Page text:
NAFTA: Strength Through Economic Unity



President Trump is pushing to end NAFTA despite its economic benefit to the U.S.

By Layla Williams, Staff Writer

President Donald Trump wants to get rid of NAFTA, the North American Free Trade Agreement that allows for the free flow of goods between Mexico, Canada and the United States. 

Signed into law by former President Bill Clinton, NAFTA was drafted on Jan. 1, 1994. The agreement was intended for companies and businesses to trade and negotiate freely across North America. This would effectively eliminate tariffs and create a free trade zone between the three countries.

But Trump doesn’t like that.

Since the beginning of his presidential campaign, Trump has vowed to either fix or terminate NAFTA, and he recently requested renegotiations of the agreement. The president believes that NAFTA is to blame for the loss of US manufacturing jobs because it allows businesses to move their operations to Mexico, where labor costs are much cheaper. Trump insists that these businesses stay; otherwise, they would pay a high price if they wish to leave the states.

UVA economics professor John McLaren and graduate Sushanik Hakobyan studied the effects of NAFTA. They discovered that the agreement heavily lowers the income of blue-collar workers, who also make up a large sum of Trump’s base. But NAFTA significantly affects younger adults in service industries, where wages have stagnated rapidly due to the industries’ dependence on tariff protections. These people coincidentally are not part of the president’s base.

Since 1994, North American trade has increased dramatically. Economists largely agree that the benefits of NAFTA far outweigh the downsides. It allows North American businesses in the three countries to operate freely and trade with one another, stimulating growth and providing equal access to markets. Ultimately, more economic power is given to North America.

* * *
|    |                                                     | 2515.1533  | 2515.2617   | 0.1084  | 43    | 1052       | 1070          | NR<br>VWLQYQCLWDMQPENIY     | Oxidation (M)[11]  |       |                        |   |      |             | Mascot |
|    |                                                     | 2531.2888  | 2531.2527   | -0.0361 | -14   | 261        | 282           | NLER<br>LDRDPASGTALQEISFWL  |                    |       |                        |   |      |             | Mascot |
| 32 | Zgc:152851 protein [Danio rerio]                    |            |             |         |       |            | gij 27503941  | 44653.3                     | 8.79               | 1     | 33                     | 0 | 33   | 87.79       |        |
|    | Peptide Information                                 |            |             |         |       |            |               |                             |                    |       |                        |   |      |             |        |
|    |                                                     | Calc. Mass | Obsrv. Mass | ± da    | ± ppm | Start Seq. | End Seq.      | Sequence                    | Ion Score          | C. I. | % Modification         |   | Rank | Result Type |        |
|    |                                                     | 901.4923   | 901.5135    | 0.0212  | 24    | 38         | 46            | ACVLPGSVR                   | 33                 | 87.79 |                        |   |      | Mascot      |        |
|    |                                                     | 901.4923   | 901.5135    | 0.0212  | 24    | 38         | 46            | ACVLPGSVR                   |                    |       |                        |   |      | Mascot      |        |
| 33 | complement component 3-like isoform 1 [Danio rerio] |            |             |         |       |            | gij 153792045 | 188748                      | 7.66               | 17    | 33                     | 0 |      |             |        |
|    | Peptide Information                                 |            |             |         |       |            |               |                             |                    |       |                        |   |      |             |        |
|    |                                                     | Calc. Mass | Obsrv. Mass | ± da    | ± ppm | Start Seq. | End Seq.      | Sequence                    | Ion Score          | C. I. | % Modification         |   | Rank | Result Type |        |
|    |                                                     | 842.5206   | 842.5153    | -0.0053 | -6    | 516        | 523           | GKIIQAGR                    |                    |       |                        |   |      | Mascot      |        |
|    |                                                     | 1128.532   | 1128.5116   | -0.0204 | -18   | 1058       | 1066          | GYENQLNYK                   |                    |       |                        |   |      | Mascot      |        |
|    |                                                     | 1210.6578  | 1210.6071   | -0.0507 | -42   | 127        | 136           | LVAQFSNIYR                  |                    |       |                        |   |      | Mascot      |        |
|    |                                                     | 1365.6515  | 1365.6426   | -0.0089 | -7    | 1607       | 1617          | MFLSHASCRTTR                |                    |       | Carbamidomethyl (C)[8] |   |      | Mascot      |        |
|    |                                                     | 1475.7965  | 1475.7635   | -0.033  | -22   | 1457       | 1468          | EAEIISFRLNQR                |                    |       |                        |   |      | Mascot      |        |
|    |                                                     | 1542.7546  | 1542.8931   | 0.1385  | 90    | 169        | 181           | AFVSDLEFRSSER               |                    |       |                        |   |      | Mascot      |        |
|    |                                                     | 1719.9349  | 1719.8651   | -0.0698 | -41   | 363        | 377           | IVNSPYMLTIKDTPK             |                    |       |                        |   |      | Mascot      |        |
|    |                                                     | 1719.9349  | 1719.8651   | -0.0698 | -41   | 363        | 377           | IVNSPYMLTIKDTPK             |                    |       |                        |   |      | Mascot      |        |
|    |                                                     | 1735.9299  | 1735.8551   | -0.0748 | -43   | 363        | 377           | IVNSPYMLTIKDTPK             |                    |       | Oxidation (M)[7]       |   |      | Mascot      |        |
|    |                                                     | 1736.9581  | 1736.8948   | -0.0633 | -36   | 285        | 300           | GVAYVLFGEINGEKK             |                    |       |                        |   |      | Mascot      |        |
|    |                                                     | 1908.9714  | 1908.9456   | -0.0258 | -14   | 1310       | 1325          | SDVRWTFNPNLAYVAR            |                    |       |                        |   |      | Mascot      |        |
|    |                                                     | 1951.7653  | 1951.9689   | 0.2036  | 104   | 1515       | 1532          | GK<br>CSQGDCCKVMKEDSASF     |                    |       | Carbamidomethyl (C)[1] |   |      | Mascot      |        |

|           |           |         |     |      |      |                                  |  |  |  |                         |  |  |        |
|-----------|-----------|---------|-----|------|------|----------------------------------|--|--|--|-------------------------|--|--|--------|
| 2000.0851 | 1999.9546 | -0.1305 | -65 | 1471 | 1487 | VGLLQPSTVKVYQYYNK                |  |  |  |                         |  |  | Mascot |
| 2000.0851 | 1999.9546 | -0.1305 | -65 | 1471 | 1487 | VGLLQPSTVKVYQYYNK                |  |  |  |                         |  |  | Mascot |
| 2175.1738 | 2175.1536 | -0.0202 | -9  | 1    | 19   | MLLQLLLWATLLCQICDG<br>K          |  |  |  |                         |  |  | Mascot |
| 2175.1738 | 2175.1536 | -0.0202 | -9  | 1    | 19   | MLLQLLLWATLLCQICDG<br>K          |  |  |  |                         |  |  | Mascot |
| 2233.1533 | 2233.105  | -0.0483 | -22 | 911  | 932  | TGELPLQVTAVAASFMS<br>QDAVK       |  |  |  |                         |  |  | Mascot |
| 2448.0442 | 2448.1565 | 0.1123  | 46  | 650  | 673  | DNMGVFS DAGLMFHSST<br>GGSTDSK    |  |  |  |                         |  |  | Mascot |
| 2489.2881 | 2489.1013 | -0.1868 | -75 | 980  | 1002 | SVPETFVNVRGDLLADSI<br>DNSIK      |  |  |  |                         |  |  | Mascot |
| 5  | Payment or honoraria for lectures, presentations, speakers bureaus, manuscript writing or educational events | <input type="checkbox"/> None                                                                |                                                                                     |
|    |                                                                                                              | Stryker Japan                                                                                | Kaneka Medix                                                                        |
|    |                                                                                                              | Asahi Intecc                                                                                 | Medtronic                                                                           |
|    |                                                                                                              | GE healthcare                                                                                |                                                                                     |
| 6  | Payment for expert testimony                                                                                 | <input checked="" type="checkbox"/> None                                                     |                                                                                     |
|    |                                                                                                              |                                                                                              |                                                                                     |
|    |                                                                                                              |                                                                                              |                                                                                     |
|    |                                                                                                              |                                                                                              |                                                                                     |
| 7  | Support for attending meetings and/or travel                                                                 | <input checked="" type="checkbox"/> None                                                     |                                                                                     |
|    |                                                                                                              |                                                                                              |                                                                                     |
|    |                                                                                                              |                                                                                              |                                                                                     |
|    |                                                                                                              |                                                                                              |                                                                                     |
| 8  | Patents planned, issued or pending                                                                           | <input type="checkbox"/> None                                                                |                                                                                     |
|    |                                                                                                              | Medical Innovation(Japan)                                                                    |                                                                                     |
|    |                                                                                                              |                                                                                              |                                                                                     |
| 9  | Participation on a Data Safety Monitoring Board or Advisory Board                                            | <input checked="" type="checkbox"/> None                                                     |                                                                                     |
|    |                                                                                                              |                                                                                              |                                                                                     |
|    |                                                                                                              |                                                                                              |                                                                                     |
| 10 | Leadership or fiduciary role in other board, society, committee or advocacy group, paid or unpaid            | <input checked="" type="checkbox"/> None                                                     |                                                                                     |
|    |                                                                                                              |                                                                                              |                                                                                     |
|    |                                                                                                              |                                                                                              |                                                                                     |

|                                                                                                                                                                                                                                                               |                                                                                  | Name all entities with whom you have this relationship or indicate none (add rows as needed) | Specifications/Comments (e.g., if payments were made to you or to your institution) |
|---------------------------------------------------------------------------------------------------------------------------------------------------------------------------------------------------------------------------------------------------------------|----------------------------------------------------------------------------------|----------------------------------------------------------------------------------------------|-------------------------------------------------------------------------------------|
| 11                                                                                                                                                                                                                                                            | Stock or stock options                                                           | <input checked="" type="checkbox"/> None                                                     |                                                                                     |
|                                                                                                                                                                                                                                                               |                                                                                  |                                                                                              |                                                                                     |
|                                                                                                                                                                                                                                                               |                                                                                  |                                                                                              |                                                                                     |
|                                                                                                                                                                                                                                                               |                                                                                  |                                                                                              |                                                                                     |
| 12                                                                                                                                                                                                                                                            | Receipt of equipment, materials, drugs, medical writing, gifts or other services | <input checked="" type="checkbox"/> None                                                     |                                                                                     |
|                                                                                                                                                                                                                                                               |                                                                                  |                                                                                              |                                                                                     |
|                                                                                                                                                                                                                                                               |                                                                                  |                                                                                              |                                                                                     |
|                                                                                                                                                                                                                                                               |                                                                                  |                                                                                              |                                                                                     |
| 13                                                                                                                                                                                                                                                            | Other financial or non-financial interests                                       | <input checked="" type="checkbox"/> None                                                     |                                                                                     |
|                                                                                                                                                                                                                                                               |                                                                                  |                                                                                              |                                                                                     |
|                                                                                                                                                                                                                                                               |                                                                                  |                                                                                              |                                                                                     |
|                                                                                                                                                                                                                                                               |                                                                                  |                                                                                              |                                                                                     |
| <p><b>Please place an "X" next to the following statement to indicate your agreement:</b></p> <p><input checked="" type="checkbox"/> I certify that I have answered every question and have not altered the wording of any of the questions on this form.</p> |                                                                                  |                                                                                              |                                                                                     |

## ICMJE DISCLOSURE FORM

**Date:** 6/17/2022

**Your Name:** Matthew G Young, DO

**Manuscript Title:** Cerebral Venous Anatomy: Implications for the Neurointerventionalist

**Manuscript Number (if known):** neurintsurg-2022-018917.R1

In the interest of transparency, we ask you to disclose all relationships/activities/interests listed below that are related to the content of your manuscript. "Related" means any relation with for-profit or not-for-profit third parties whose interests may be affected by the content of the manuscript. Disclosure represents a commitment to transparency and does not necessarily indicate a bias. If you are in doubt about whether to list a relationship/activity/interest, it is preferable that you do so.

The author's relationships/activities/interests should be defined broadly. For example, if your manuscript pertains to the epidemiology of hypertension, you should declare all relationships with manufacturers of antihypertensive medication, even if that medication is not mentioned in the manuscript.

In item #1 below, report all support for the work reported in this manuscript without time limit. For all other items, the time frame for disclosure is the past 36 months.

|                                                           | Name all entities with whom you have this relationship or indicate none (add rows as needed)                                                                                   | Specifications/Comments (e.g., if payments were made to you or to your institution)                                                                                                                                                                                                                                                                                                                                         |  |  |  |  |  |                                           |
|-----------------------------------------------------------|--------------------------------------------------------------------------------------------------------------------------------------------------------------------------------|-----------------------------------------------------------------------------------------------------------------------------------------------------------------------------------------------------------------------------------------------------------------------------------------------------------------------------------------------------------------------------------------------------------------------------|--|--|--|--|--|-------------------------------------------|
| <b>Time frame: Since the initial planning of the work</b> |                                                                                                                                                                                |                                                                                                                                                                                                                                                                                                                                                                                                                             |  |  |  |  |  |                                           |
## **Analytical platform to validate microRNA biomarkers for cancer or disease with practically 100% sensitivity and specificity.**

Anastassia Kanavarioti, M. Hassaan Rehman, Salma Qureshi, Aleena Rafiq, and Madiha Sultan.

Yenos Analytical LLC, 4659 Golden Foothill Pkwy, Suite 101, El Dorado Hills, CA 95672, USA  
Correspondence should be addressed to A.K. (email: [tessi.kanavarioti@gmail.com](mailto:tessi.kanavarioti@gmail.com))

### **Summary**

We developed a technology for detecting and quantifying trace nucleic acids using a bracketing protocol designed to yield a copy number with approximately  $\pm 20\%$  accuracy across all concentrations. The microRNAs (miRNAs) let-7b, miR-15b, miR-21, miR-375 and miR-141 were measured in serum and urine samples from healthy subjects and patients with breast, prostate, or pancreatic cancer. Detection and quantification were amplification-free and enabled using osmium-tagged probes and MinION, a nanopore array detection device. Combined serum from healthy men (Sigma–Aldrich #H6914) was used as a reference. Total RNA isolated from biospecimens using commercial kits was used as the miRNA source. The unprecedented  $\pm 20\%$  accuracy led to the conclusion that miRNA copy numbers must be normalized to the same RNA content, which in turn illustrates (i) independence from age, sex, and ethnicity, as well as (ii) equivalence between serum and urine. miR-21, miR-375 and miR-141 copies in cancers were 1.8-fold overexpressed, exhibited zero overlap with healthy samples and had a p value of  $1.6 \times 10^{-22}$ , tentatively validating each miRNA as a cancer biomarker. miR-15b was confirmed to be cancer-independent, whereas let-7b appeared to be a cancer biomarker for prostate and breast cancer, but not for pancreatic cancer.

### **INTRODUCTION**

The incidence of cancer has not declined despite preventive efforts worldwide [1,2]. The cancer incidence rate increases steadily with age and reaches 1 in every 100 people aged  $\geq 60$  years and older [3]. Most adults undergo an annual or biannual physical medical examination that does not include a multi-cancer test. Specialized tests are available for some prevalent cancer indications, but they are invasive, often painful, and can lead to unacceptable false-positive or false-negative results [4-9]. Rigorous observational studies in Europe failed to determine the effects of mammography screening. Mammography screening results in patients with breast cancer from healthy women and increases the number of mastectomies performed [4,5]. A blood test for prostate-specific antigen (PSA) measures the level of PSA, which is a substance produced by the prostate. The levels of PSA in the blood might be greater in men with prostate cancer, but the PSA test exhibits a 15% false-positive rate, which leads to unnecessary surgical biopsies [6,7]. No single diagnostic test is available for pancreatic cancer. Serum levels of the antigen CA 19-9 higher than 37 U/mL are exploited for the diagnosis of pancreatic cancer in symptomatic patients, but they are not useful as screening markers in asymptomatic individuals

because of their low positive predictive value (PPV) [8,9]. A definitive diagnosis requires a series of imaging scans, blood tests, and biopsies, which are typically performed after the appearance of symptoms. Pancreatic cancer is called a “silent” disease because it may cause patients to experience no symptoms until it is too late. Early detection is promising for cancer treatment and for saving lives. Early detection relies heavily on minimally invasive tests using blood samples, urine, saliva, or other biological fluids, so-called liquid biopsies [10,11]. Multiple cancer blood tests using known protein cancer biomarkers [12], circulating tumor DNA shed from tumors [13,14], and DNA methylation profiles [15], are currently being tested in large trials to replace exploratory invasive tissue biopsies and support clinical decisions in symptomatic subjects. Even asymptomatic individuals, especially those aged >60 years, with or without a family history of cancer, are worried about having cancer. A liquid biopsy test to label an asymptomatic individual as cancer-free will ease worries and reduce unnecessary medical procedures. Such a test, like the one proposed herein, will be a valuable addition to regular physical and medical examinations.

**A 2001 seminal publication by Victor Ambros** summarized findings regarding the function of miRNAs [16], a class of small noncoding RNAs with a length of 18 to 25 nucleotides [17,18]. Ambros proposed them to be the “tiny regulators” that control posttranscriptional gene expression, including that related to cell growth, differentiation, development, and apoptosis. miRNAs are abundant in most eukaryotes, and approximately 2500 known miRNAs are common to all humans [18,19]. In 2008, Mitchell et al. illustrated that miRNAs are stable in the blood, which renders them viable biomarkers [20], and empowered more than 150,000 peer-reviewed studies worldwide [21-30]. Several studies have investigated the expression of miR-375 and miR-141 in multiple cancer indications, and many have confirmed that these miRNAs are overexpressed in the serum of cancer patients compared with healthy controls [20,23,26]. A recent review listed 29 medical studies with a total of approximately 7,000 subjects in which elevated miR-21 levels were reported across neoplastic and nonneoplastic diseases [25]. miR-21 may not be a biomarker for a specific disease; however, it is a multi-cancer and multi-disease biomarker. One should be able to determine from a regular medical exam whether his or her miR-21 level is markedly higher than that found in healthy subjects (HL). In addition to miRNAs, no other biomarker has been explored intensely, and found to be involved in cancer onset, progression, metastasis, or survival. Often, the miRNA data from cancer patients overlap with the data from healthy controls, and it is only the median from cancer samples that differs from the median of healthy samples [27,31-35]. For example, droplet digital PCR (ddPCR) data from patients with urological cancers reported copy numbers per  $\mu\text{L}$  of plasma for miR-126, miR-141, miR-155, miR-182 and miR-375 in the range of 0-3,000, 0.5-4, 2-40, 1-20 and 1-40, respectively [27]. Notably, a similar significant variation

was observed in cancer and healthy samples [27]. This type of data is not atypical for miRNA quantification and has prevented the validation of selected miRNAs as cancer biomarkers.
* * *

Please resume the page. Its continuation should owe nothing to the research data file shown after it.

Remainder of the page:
Despite the loss of around 682,900 U.S. manufacturing jobs, NAFTA also produced a net gain of five million jobs. Additionally, average wages across the board have increased.

With the elimination of tariffs, the U.S. has access to different oil buyers as well. For example, U.S. oil companies import more of their resources from Mexico because of their inexpensive costs. As a result, our reliance on oil from the Middle East has been reduced, lowering the costs of gasoline. This benefits us with cheaper plane and automobile travel costs.

Canada is the United States’ biggest trading partner, and maintaining free trade between the two states is essential for a continued increase in investment opportunities and economic partnership.

NAFTA helps the U.S. government conserve money as well. All government contracts are accessible to suppliers in all three countries, which increases competition and lowers costs. The increase in American finance and healthcare exports puts Mexican companies out of business. Direct foreign investments have increased and the competitive bidding on contracts have stimulated economic growth. This plants an American economic influence in developing countries.

After the financial crisis in 2008, NAFTA helped the three countries recover by stimulating economic activity and creating jobs. Without it, many millions would be to face unemployment a decade later.

Why would we want to get rid of something that has made us so much stronger?

If President Trump gets his way and abolishes NAFTA, the United States will ultimately suffer irreparable economic harm.

Without NAFTA, Mexico, Canada and the U.S. would not stand a chance against the economic might of China or the European Union—which have their eyes on taking the US’ spot as largest economy.

A stronger North American economy is a stronger American economy.